Bloodborne Hunter: Modeling, Materials, Clothes

Bloodborne Hunter: Modeling, Materials, Clothes

Andres Zambrano recreated a Bloodborne Hunter and shared the details of his workflow for clothes, textures, modeling, and presentation.

Andres Zambrano recreated a Bloodborne Hunter and shared the details of his workflow for clothes, textures, modeling, and presentation.


My name is Andres Zambrano, I am originally from Venezuela but moved into the United States when I was 13 years old and have been living here for 12 years. I always had a fascination with 3D animation and video games and so I decided to try out 3D when I was in high school and have been learning it ever since. I originally wanted to be a 3D animator but I always lacked characters that I wanted to animate, which made me decided to learn how to 3D model them myself. This quickly became my new passion and my primary discipline. I attended the Art Institute of Tampa in order to learn all the fundamentals I was missing and meet people who shared my passion for art, as well as develop other complementary skills like rigging, animation, texturing, and 2D art. I graduated with a bachelor of fine arts in Game Art and Design in 2017. After that, I’ve been working on making game assets for some Kickstarter projects with friends I met in school as well as refining my skills and updating my portfolio.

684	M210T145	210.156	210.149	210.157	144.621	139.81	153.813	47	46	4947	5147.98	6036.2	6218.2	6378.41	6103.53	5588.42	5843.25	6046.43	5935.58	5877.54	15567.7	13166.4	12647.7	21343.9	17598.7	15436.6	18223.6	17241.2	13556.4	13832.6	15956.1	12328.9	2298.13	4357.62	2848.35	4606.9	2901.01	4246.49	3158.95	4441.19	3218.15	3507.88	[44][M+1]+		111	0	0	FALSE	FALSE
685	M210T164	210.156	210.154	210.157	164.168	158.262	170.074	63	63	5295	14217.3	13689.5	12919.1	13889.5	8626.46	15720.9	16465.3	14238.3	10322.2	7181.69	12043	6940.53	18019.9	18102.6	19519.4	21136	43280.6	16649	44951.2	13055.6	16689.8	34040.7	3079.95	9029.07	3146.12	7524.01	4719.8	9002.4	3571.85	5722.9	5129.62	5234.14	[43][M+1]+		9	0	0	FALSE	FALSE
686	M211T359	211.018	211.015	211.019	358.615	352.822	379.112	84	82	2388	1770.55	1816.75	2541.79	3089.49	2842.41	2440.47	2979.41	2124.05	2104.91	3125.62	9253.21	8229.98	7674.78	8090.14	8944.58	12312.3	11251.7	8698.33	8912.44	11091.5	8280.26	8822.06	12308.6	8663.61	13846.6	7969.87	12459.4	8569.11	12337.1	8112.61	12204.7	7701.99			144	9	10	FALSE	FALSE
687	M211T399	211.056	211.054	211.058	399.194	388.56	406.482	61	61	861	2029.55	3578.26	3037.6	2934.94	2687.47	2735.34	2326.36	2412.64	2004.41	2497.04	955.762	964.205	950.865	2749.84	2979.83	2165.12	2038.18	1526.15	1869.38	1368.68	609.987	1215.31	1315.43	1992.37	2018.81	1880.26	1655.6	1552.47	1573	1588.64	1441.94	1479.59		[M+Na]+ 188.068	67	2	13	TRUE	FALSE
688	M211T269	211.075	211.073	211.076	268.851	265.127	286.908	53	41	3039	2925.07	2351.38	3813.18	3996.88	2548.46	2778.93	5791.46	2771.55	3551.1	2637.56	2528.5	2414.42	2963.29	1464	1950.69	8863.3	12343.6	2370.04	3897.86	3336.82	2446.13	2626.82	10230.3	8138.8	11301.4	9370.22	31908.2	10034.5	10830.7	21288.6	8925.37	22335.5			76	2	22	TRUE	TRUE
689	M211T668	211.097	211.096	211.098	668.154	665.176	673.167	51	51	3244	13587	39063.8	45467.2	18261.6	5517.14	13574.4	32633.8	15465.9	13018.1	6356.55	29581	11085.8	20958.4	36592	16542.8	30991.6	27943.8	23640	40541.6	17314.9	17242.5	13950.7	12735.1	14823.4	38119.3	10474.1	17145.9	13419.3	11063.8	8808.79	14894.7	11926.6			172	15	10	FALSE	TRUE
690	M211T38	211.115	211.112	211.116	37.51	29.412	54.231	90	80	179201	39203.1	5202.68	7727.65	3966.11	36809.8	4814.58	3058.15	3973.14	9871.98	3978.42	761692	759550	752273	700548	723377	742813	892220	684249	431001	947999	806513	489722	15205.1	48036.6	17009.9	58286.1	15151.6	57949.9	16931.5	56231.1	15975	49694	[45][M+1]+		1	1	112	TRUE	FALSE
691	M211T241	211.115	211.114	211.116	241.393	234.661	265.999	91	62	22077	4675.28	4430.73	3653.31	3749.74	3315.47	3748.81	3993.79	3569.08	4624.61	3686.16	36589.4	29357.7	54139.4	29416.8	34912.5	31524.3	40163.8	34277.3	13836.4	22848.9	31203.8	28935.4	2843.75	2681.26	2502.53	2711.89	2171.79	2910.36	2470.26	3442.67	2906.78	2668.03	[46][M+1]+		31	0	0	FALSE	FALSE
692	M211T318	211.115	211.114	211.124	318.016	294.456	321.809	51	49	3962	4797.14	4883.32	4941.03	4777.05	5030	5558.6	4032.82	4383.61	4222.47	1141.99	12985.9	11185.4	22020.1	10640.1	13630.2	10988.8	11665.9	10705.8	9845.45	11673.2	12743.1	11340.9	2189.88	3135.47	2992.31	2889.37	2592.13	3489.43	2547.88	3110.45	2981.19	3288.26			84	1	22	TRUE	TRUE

My main goal was to take a character model from a video game that I really love and make it as believable as I can. I wanted to make something equivalent to a cinematic version of the character. I also wanted to focus heavily on improving the way I render clothing as I had difficulty with making it look realistic and interesting. I always had a problem of making it look too clean and lacking noticeable texture. Finally, I wanted to work on a character that I could put some wear and tear on, one that told a story through the design. I am a fan of FromSoftware games in general, and Bloodborne has the most interesting art direction for me.